PHCP wholesalers and manufacturers are discovering the potential of Web sites.

Statistics tell the story. Interactive Web sites are becoming necessary tools of the trade. About one-third of small businesses in the United States -- including wholesalers -- are now online and 40% of those without Web sites plan to be on the Internet within the year, according to a study commissioned by Prodigy Biz Corp., a subsidiary of Prodigy Communications, and conducted by International Communications Research.

The same study, quoted on the Web site of Nua Ltd., an Internet consulting and development company, reports that 69% of those surveyed would use the Internet to promote their products or services to prospective customers and 57% would use it for e-commerce.

Even more telling is a report from the Boston Consulting Group that predicts one-quarter of all business-to-business purchases will be made online by the year 2003.

Hughes Supply (Orlando, Fla.), made an equity investment in, a business-to-business distributorship for constructruction and industrial products, in January.

"Our partnership with will enable us to expand our e-commerce offerings while maintaining our strong commitment to traditional distribution," says Stewart Hall, Hughes' president and chief operating officer.

Other wholesalers also recognize the power of the Internet and e-commerce. Gary Daniels, senior vice president/marketing and merchandising at Johnstone Supply (Portland, Ore.), says: "E-commerce is critical. It's a strong focus for us."

Phoenix-based Able Distributing's Web site,, offers a "Partners for Profit" program online, says Mark Vadovich, purchasing manager. "We'll scan the customer's inventory and transmit an order." Customers online with Able can log on to enter orders and access information, he says.

First Supply (Madison, Wis.), is investing heavily into e-commerce, says Joe Poehling, president. "We know that over the next several years we will need an effective Web site able to accept customer orders and help us do business with our manufacturers."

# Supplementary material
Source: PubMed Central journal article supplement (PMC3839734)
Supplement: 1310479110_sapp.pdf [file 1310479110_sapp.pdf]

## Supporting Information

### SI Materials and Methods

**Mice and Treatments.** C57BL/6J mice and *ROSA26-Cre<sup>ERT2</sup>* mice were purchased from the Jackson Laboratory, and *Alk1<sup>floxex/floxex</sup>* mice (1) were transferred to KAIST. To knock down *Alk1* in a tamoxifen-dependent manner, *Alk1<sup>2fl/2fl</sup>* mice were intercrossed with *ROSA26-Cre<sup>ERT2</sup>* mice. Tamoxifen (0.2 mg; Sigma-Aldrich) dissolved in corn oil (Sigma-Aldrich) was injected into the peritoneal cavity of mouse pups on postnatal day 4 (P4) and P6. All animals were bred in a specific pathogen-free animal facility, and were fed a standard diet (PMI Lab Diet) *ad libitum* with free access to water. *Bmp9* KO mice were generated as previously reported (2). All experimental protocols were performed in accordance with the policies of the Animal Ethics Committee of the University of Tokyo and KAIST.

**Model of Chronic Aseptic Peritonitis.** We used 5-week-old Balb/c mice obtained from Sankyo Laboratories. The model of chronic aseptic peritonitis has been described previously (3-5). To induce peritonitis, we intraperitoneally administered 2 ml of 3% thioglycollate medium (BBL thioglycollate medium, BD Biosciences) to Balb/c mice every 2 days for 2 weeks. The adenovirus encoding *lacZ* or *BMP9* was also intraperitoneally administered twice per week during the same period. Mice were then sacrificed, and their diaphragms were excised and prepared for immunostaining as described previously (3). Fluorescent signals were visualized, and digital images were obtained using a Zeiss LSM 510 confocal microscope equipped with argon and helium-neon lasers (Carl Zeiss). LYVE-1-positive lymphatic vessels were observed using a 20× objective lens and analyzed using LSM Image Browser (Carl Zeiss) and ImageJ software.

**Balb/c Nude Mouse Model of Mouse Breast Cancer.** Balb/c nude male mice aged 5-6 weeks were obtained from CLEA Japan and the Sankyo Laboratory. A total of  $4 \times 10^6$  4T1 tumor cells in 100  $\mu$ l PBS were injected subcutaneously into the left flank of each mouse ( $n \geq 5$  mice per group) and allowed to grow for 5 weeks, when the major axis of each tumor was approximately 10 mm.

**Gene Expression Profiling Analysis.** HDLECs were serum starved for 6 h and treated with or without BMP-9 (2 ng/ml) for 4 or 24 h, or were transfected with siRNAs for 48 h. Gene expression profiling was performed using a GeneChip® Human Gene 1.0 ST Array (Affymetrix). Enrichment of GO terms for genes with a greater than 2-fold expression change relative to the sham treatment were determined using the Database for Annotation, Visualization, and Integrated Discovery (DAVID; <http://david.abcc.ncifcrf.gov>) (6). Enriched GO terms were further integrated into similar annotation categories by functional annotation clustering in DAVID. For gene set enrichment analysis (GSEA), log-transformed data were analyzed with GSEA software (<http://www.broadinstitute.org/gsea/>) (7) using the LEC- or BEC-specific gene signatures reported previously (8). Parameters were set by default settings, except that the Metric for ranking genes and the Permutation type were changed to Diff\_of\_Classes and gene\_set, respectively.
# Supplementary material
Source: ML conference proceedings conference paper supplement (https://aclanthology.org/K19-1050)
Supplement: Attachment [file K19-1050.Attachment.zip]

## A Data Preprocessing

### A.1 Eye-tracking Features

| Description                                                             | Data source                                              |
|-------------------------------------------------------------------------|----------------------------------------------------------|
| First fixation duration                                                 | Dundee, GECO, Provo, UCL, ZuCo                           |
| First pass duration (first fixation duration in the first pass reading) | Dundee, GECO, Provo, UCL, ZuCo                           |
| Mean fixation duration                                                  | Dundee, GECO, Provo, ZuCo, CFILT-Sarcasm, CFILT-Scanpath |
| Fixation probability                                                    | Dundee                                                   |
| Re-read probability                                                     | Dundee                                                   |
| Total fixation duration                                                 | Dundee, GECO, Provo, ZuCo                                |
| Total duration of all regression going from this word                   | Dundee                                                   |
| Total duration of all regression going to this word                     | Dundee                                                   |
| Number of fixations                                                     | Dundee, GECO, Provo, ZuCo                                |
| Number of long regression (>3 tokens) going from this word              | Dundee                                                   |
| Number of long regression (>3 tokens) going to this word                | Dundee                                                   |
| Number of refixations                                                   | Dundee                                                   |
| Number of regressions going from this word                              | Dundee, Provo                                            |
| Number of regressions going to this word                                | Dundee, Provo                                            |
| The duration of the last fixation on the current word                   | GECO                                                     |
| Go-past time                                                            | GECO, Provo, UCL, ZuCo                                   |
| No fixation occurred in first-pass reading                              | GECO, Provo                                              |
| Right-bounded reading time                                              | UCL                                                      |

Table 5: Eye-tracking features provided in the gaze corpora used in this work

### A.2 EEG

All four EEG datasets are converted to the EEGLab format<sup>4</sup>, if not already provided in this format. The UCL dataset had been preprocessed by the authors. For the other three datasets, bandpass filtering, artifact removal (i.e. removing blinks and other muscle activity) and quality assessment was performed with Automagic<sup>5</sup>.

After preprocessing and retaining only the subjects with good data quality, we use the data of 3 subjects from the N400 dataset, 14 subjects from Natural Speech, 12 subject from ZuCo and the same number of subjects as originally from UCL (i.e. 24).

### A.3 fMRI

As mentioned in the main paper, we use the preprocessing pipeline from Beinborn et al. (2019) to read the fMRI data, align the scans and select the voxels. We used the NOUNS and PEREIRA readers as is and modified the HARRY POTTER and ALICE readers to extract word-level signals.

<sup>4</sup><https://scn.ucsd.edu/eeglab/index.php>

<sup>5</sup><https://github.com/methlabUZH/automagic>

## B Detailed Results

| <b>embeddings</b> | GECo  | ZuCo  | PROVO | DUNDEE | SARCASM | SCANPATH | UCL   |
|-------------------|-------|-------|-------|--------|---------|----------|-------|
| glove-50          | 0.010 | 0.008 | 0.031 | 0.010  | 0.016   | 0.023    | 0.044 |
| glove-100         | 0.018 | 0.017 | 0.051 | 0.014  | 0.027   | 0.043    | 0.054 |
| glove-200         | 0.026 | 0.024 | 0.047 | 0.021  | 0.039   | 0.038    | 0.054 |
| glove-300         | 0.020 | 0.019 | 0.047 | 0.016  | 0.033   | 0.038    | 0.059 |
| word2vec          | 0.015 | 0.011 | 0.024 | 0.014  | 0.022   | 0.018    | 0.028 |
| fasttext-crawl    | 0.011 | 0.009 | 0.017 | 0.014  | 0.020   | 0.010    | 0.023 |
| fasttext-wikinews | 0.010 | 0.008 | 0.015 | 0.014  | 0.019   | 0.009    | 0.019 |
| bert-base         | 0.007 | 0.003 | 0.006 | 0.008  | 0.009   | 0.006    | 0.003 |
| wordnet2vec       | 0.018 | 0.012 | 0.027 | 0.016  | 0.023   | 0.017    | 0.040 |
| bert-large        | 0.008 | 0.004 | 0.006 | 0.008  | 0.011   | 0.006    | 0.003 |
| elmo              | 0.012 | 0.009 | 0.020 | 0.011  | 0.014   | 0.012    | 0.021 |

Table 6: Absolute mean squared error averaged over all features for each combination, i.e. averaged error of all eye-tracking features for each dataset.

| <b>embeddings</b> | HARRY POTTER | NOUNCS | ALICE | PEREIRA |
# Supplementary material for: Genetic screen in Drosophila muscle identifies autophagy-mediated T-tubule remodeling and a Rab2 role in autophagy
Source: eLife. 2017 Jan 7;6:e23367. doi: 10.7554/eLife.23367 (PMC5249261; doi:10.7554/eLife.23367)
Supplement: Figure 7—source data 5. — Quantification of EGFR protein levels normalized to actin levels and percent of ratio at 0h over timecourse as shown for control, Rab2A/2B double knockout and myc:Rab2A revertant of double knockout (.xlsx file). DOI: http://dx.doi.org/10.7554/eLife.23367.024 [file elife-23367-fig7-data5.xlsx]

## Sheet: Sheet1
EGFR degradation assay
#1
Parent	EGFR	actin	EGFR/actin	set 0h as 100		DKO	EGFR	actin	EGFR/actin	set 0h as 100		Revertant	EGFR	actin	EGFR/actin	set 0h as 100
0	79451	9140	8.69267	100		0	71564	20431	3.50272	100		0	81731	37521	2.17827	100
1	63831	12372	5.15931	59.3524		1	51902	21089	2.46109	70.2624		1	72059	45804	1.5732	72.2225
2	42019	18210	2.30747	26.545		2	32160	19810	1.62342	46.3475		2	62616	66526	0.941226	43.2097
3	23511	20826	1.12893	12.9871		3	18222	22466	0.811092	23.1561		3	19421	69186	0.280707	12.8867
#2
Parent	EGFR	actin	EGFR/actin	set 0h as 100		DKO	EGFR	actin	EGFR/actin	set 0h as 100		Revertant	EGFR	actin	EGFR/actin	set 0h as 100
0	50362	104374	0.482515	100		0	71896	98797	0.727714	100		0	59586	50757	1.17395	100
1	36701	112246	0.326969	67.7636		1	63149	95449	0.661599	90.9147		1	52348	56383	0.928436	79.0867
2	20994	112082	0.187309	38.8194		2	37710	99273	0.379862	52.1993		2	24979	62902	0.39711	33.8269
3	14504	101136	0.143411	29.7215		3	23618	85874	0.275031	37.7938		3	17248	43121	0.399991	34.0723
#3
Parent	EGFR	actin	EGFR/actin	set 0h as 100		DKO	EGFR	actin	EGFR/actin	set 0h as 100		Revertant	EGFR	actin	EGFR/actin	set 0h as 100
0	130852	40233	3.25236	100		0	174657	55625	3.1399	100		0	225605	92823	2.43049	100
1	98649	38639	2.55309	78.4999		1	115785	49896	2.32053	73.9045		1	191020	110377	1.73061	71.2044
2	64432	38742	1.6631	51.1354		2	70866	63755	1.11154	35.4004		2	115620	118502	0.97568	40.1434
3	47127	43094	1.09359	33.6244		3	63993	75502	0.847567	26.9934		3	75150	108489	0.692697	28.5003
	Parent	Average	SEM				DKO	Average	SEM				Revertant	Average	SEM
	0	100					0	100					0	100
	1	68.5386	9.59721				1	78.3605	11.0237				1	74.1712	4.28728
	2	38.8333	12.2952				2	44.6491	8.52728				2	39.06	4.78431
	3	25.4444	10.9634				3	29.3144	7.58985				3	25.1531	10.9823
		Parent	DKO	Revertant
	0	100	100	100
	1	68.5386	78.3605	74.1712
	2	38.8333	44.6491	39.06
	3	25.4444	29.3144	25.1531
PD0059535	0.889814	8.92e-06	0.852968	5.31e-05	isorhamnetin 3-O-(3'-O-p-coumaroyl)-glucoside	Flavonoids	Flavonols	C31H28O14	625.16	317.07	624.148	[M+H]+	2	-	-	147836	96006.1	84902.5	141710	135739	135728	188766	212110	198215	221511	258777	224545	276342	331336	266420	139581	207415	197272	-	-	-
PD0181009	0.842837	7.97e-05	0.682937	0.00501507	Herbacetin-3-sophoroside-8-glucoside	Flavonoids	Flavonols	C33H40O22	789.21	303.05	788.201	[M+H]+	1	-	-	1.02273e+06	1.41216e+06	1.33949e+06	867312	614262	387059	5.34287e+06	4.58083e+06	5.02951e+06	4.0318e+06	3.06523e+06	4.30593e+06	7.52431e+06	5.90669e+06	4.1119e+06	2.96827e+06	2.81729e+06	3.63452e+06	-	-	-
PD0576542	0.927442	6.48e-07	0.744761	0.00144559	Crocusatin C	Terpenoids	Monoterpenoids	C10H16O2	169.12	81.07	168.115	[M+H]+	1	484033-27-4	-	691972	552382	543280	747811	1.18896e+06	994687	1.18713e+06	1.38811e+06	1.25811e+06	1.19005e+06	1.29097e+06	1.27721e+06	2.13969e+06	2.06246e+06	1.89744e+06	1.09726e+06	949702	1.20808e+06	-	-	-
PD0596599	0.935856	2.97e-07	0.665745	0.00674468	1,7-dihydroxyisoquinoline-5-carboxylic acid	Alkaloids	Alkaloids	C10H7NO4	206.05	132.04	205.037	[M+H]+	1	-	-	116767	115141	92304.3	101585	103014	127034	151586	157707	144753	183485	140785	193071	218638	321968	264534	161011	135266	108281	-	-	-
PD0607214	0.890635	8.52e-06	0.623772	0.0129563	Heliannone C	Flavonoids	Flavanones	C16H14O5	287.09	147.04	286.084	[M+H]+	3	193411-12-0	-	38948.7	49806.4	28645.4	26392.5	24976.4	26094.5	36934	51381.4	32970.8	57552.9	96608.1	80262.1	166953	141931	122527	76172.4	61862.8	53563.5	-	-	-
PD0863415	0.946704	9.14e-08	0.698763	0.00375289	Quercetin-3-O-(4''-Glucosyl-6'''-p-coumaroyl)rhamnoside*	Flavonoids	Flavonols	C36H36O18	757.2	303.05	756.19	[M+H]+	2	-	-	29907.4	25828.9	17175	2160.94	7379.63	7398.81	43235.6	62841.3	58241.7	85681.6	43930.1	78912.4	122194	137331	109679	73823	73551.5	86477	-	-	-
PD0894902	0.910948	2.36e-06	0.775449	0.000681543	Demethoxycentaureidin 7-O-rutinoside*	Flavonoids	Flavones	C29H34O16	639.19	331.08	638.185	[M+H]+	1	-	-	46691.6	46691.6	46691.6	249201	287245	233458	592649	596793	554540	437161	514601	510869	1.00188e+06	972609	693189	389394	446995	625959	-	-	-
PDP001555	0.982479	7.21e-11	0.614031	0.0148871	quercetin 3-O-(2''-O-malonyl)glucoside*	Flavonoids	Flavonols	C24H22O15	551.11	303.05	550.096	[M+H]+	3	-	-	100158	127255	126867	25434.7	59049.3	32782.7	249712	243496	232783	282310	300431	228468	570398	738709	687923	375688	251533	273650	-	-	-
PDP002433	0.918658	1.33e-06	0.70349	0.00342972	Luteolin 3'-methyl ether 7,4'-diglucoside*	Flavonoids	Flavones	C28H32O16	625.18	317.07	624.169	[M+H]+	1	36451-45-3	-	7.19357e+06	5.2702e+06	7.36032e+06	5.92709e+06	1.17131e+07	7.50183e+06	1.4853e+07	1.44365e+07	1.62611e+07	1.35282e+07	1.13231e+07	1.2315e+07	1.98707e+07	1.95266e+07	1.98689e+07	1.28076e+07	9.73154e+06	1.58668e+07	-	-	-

However, some contractors still prefer to use pad and paper as opposed to a computer, Poehling says.

Delta Faucet re-launched an expanded Web site Nov. 1.

Plumbing product Web sites

The importance of the Internet to plumbing product manufacturers is demonstrated by the investments and activities of a number of companies. Delta Faucet and American Standard, for example, have introduced expanded Web sites in the last few months.

Delta's site,, is more than just an online catalog, says Ray Kennedy, vice president/Delta Business Unit. "We're taking our Web presence to a new level."

The site has a remodeling center with links to, where visitors can find home improvement tips and trends, and, which provides access to a database of contractors, architects and designers.

"Some wholesalers don't fully understand the value of the Internet," says Fred Barendt, Delta's director/marketing services. "What they get is a better informed consumer. We can put installation instructions and warranty and parts information on the site."

In an area for the trade, professionals can find a catalog of maintenance and installation sheets, code compliance information and a regional locator system to find sales reps.

American Standard has enhanced its Web site,, with a product showcase; a design center; frequently asked questions; a where-to-shop section; and a section where visitors can request a free copy of "The Collection," a book of products and ideas for the bath and kitchen. A "Quick Search" feature for trade professionals has product information, specs and list prices.

In-Sink-Erator views the Internet as a tool to leverage its distribution strategy, but it won't change the company's customer base, says Dave MacNair, vice president/marketing.

"We want to improve the way we do business with our wholesalers," he says. "We can use it to help our customers manage their physical assets and inventory turnover, improve our service levels and help them take costs out of their business."

Although e-commerce may seem futuristic for this industry, wholesalers, manufacturers and contractors will have to embrace it, says Jon Dommisse, national marketing manager for Bradley Corp., a manufacturer of commercial bathroom fixtures.